Journal Article
Meta-Analysis
Research Support, Non-U.S. Gov't

Language

eng

PubMed ID

33064751

Citation

Zheng, Ju-Sheng, et al. "The Association Between Circulating 25-hydroxyvitamin D Metabolites and Type 2 Diabetes in European Populations: a Meta-analysis and Mendelian Randomisation Analysis." PLoS Medicine, vol. 17, no. 10, 2020, pp. e1003394.
Zheng JS, Luan J, Sofianopoulou E, et al. The association between circulating 25-hydroxyvitamin D metabolites and type 2 diabetes in European populations: A meta-analysis and Mendelian randomisation analysis. PLoS Med. 2020;17(10):e1003394.
Zheng, J. S., Luan, J., Sofianopoulou, E., Sharp, S. J., Day, F. R., Imamura, F., Gundersen, T. E., Lotta, L. A., Sluijs, I., Stewart, I. D., Shah, R. L., van der Schouw, Y. T., Wheeler, E., Ardanaz, E., Boeing, H., Dorronsoro, M., Dahm, C. C., Dimou, N., El-Fatouhi, D., ... Wareham, N. J. (2020). The association between circulating 25-hydroxyvitamin D metabolites and type 2 diabetes in European populations: A meta-analysis and Mendelian randomisation analysis. PLoS Medicine, 17(10), e1003394. https://doi.org/10.1371/journal.pmed.1003394
Zheng JS, et al. The Association Between Circulating 25-hydroxyvitamin D Metabolites and Type 2 Diabetes in European Populations: a Meta-analysis and Mendelian Randomisation Analysis. PLoS Med. 2020;17(10):e1003394. PubMed PMID: 33064751.
* Article titles in AMA citation format should be in sentence-case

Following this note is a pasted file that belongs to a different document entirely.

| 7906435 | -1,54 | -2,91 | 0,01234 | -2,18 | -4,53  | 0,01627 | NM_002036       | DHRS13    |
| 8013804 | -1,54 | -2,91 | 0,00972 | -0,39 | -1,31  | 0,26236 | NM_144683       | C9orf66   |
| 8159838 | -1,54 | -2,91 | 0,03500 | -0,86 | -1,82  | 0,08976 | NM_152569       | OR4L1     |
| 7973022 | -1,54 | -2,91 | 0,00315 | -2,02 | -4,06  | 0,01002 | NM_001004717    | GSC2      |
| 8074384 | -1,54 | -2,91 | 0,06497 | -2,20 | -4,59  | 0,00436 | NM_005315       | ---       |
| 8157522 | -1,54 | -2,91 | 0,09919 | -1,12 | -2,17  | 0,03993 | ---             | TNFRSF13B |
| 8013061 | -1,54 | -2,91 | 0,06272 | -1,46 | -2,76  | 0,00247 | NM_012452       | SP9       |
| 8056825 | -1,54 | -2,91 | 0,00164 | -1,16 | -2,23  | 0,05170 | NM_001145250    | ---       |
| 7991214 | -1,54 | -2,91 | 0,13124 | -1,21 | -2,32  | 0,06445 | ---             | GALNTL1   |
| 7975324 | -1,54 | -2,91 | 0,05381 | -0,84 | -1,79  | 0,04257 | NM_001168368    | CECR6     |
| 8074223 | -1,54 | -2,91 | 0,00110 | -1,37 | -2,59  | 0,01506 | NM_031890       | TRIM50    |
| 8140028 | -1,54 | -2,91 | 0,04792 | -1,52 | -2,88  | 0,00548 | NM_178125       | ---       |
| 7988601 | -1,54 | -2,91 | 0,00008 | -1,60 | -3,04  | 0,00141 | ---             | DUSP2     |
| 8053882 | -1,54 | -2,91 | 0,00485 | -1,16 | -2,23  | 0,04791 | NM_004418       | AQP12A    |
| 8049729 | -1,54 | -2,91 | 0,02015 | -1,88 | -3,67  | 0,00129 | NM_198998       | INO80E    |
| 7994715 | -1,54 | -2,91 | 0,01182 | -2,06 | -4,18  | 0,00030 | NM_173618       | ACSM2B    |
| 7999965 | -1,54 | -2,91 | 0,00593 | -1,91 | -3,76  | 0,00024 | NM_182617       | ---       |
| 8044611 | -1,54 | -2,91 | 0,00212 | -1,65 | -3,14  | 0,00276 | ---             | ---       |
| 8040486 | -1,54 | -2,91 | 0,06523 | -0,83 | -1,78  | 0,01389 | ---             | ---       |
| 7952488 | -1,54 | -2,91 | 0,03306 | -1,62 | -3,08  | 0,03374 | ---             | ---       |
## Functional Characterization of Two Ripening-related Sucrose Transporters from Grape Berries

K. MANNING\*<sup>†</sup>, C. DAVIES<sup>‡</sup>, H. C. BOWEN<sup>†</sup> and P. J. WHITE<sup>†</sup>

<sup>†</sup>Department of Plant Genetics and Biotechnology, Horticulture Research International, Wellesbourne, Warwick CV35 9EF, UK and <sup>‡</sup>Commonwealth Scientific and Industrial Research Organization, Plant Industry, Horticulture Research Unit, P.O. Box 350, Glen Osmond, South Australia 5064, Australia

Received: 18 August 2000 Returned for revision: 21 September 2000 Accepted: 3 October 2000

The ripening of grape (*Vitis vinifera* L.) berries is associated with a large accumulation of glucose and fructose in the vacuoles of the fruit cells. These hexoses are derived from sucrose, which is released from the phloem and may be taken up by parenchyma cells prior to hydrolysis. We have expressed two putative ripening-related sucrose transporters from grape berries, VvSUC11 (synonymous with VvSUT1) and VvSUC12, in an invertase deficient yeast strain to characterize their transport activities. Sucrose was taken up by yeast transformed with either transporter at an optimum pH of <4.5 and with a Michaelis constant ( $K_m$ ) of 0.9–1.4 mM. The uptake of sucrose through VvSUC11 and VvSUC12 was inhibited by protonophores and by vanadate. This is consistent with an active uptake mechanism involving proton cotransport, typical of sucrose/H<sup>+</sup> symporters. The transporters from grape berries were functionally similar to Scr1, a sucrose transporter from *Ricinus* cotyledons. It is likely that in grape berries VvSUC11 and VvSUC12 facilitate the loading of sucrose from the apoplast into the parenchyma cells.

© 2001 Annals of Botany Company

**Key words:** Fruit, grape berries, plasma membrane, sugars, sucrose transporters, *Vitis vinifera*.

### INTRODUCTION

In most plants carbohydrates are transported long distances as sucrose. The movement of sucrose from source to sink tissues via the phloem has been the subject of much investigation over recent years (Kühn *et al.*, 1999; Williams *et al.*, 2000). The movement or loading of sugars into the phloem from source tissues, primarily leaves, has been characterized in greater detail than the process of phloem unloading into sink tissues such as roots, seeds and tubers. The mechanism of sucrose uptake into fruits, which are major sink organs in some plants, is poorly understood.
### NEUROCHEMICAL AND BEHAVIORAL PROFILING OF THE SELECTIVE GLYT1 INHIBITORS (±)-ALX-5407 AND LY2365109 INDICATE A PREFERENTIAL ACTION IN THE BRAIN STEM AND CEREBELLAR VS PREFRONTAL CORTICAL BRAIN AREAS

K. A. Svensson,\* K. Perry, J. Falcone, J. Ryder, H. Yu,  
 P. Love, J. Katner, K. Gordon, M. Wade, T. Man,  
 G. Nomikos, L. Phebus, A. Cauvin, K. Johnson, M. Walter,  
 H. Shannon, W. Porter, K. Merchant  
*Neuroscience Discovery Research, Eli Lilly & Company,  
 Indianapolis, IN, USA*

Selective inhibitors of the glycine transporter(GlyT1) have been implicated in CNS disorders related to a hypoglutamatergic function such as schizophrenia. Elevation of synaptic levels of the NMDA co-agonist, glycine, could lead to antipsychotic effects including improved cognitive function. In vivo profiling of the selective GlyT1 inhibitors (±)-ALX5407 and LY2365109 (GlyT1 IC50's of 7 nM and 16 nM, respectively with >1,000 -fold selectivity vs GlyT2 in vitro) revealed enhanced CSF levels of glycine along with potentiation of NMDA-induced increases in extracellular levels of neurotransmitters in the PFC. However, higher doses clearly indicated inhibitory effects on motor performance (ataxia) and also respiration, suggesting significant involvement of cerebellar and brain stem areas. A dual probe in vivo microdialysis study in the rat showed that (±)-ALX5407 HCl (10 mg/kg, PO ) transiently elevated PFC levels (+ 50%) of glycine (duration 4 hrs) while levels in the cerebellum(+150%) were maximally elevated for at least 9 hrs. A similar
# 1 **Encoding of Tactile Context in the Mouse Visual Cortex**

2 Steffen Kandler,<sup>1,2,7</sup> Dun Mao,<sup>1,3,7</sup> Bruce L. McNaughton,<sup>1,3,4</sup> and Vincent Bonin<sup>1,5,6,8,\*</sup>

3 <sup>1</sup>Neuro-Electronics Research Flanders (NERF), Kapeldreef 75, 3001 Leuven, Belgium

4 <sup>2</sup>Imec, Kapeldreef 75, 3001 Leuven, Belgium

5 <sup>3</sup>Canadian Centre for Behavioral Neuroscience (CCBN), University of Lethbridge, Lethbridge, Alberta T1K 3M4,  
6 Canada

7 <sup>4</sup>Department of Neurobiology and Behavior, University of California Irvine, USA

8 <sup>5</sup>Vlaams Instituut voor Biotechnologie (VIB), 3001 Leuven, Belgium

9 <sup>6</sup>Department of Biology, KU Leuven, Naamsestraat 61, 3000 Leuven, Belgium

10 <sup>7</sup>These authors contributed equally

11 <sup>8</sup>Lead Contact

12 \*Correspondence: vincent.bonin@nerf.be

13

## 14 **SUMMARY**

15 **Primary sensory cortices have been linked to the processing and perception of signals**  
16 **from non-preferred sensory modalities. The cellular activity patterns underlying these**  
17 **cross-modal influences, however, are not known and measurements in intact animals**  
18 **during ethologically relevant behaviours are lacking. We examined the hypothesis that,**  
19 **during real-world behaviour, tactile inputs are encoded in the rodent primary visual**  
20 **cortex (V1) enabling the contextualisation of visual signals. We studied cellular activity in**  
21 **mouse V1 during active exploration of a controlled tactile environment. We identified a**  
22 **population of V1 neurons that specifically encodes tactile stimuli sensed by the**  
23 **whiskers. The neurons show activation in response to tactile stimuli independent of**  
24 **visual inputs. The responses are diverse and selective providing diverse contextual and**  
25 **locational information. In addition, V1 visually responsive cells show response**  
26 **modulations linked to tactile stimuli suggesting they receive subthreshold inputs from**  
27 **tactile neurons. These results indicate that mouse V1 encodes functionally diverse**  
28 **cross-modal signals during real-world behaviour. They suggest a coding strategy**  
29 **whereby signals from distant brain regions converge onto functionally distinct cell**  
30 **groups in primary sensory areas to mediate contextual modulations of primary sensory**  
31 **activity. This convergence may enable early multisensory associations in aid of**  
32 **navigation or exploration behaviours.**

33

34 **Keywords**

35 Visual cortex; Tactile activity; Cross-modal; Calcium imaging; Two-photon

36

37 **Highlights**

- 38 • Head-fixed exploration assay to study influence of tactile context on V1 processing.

TY - JOUR T1 - The association between circulating 25-hydroxyvitamin D metabolites and type 2 diabetes in European populations: A meta-analysis and Mendelian randomisation analysis. AU - Zheng,Ju-Sheng, AU - Luan,Jian'an, AU - Sofianopoulou,Eleni, AU - Sharp,Stephen J, AU - Day,Felix R, AU - Imamura,Fumiaki, AU - Gundersen,Thomas E, AU - Lotta,Luca A, AU - Sluijs,Ivonne, AU - Stewart,Isobel D, AU - Shah,Rupal L, AU - van der Schouw,Yvonne T, AU - Wheeler,Eleanor, AU - Ardanaz,Eva, AU - Boeing,Heiner, AU - Dorronsoro,Miren, AU - Dahm,Christina C, AU - Dimou,Niki, AU - El-Fatouhi,Douae, AU - Franks,Paul W, AU - Fagherazzi,Guy, AU - Grioni,Sara, AU - Huerta,José María, AU - Heath,Alicia K, AU - Hansen,Louise, AU - Jenab,Mazda, AU - Jakszyn,Paula, AU - Kaaks,Rudolf, AU - Kühn,Tilman, AU - Khaw,Kay-Tee, AU - Laouali,Nasser, AU - Masala,Giovanna, AU - Nilsson,Peter M, AU - Overvad,Kim, AU - Olsen,Anja, AU - Panico,Salvatore, AU - Quirós,J Ramón, AU - Rolandsson,Olov, AU - Rodríguez-Barranco,Miguel, AU - Sacerdote,Carlotta, AU - Spijkerman,Annemieke M W, AU - Tong,Tammy Y N, AU - Tumino,Rosario, AU - Tsilidis,Konstantinos K, AU - Danesh,John, AU - Riboli,Elio, AU - Butterworth,Adam S, AU - Langenberg,Claudia, AU - Forouhi,Nita G, AU - Wareham,Nicholas J, Y1 - 2020/10/16/ PY - 2019/09/12/received PY - 2020/09/11/accepted PY - 2020/10/16/entrez PY - 2020/10/17/pubmed PY - 2020/12/22/medline SP - e1003394 EP - e1003394 JF - PLoS medicine JO - PLoS Med VL - 17 IS - 10 N2 - BACKGROUND: Prior research suggested a differential association of 25-hydroxyvitamin D (25(OH)D) metabolites with type 2 diabetes (T2D), with total 25(OH)D and 25(OH)D3 inversely associated with T2D, but the epimeric form (C3-epi-25(OH)D3) positively associated with T2D. Whether or not these observational associations are causal remains uncertain. We aimed to examine the potential causality of these associations using Mendelian randomisation (MR) analysis. METHODS AND FINDINGS: We performed a meta-analysis of genome-wide association studies for total 25(OH)D (N = 120,618), 25(OH)D3 (N = 40,562), and C3-epi-25(OH)D3 (N = 40,562) in participants of European descent (European Prospective Investigation into Cancer and Nutrition [EPIC]-InterAct study, EPIC-Norfolk study, EPIC-CVD study, Ely study, and the SUNLIGHT consortium). We identified genetic variants for MR analysis to investigate the causal association of the 25(OH)D metabolites with T2D (including 80,983 T2D cases and 842,909 non-cases). We also estimated the observational association of 25(OH)D metabolites with T2D by performing random effects meta-analysis of results from previous studies and results from the EPIC-InterAct study. We identified 10 genetic loci associated with total 25(OH)D, 7 loci associated with 25(OH)D3 and 3 loci associated with C3-epi-25(OH)D3. Based on the meta-analysis of observational studies, each 1-standard deviation (SD) higher level of 25(OH)D was associated with a 20% lower risk of T2D (relative risk [RR]: 0.80; 95% CI 0.77, 0.84; p < 0.001), but a genetically predicted 1-SD increase in 25(OH)D was not significantly associated with T2D (odds ratio [OR]: 0.96; 95% CI 0.89, 1.03; p = 0.23); this result was consistent across sensitivity analyses. In EPIC-InterAct, 25(OH)D3 (per 1-SD) was associated with a lower risk of T2D (RR: 0.81; 95% CI 0.77, 0.86; p < 0.001), while C3-epi-25(OH)D3 (above versus below lower limit of quantification) was positively associated with T2D (RR: 1.12; 95% CI 1.03, 1.22; p = 0.006), but neither 25(OH)D3 (OR: 0.97; 95% CI 0.93, 1.01; p = 0.14) nor C3-epi-25(OH)D3 (OR: 0.98; 95% CI 0.93, 1.04; p = 0.53) was causally associated with T2D risk in the MR analysis. Main limitations include the lack of a non-linear MR analysis and of the generalisability of the current findings from European populations to other populations of different ethnicities. CONCLUSIONS: Our study found discordant associations of biochemically measured and genetically predicted differences in blood 25(OH)D with T2D risk. The findings based on MR analysis in a large sample of European ancestry do not support a causal association of total 25(OH)D or 25(OH)D metabolites with T2D and argue against the use of vitamin D supplementation for the prevention of T2D. SN - 1549-1676 UR - https://www.unboundmedicine.com/medline/citation/33064751/The_association_between_circulating_25_hydroxyvitamin_D_metabolites_and_type_2_diabetes_in_European_populations:_A_meta_analysis_and_Mendelian_randomisation_analysis_ L2 - https://dx.plos.org/10.1371/journal.pmed.1003394 DB - PRIME DP - Unbound Medicine ER -